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Smart Shoes Help The Visually Impaired

Maider GameroAAP
Mon, 17 May 2021

Smart shoes can tell visually impaired people if there are obstacles in their path.

Shoes with sensors embedded in them have been created to alert blind and visually impaired people to obstacles in their path.

Developed by Austria’s Tec-Innovation company in collaboration with the Graz University of Technology, the intelligent shoes can increase the safety of visually impaired and blind people in their everyday life.

The warning system includes an ultra-bright LED and two sensors placed at the front of each shoe.

The sensors detect obstacles and notify the wearer through vibration feedback in the shoe or sound warning signals via a smartphone.

The device can warn of potential obstacles located up to four meters ahead, but the user can control the detection range with buttons on the shoe itself or through a mobile application.

“The alerts work like those of cars, the closer you get to the object, the faster the sound or vibrations,” Tec-Innovation CEO Kevin Pajestka tells Spanish newsagency Efe.

“If the right shoe detects the obstacle, you hear the sound through the right earphone or you feel the vibration in that foot, which means that you can go to the left,” he says.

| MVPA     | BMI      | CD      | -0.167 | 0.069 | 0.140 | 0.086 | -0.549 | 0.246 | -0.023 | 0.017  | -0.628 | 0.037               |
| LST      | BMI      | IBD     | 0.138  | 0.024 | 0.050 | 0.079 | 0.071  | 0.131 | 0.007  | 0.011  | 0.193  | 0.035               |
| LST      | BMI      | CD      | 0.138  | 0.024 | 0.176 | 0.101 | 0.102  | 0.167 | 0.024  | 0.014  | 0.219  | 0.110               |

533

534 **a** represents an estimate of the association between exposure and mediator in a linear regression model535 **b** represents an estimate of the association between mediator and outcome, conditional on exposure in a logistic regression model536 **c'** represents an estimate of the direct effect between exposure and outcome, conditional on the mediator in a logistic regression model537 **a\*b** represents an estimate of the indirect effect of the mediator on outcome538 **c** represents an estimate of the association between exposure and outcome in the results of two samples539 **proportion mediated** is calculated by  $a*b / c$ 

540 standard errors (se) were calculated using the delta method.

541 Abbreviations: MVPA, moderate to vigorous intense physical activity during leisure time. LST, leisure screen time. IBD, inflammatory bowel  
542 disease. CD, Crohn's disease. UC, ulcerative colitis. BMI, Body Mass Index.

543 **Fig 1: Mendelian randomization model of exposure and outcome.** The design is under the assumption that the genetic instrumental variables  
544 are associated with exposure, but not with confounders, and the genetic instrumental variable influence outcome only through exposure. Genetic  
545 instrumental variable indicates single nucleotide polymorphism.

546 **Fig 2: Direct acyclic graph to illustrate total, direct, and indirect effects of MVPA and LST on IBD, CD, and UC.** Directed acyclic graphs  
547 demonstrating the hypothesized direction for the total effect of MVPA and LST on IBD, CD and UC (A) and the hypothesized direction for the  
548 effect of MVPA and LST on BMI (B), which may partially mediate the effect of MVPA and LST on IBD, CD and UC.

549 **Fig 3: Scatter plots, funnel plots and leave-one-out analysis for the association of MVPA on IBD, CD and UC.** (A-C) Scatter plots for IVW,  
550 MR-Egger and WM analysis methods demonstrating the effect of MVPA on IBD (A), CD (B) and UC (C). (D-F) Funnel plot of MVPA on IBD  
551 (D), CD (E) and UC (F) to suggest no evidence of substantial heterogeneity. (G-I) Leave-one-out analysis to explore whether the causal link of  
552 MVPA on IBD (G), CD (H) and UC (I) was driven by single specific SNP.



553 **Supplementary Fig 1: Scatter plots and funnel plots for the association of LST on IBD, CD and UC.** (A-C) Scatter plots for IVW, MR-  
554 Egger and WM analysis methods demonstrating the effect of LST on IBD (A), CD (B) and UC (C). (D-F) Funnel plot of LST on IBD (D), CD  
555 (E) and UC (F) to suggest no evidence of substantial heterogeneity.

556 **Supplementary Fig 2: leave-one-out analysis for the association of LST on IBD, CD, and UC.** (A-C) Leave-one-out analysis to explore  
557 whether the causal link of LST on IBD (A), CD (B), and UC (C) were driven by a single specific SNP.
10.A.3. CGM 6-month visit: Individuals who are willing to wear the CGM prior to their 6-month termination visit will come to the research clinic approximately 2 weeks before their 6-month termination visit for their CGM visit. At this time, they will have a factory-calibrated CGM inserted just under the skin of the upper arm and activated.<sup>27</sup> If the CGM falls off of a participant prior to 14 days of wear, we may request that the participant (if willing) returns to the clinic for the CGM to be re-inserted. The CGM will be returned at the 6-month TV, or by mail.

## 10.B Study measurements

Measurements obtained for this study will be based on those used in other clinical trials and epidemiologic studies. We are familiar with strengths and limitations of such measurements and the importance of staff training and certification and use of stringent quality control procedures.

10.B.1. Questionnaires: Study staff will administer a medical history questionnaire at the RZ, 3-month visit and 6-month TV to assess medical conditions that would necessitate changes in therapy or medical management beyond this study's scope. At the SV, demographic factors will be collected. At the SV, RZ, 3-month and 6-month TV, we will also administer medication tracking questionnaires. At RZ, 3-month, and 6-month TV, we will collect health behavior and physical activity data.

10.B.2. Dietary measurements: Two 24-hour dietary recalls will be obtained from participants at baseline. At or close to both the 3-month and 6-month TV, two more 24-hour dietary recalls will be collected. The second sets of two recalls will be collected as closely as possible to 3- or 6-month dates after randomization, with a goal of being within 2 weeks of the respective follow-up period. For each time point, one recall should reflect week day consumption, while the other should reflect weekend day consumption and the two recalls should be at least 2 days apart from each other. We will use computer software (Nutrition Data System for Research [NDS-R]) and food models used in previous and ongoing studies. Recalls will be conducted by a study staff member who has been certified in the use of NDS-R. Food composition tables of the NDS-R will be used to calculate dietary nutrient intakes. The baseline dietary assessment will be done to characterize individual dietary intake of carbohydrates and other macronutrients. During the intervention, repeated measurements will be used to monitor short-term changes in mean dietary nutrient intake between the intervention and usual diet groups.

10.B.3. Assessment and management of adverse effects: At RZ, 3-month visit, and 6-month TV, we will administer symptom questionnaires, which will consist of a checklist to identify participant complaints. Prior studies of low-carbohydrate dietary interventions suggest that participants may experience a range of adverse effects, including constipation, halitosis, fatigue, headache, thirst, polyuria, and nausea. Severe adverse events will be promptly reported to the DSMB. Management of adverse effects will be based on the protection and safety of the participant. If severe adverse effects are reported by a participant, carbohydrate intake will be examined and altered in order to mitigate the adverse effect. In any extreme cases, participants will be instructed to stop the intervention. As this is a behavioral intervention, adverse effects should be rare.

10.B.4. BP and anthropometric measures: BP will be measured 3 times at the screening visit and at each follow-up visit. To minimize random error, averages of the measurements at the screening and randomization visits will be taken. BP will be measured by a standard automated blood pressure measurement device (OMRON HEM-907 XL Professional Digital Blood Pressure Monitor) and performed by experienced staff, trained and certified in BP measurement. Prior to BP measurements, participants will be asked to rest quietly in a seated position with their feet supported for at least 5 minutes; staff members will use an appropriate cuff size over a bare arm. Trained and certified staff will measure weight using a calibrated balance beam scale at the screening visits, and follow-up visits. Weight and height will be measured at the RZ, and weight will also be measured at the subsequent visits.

The system has a smart function that recognises when the user stops in front of an object and stops sending notifications, for example, when the wearer is standing in a queue or at a bus stop.

The LED light is designed for those with low vision, as it can be turned on when there is an obstacle nearby so that users can see it.

The company tested prototypes with visually impaired people, the first of whom was Markus Raffer, one of the company’s partners.

“The impression was very good, the customers even wanted to buy the prototypes,” Pajestka said.

After five years of work, InnoMake was approved as a medical device in Europe in September 2020, meaning it can be sold throughout the continent.

“Hence, our clients can get financing from public institutions or insurance to pay for the product, and since it is a medical device the possibility of being granted is very high,” Pajestka said.

The price of the whole product – the shoes plus the sensors – is 3,840 euros ($A6,000,), while the sensors that can adapt to any shoes cost 4,000 euros.

“There are obstacles that the sensor cannot detect, such as down the stairs or potholes,” warns Pajestka.

To solve this problem, the company began in 2016 to develop an artificial intelligence camera capable of recognising a “safe area to walk”.

“In case of being in front of a hole, the alert could tell the user to slow down,” he explains, adding that these advances could one day see the blind ditch their canes.


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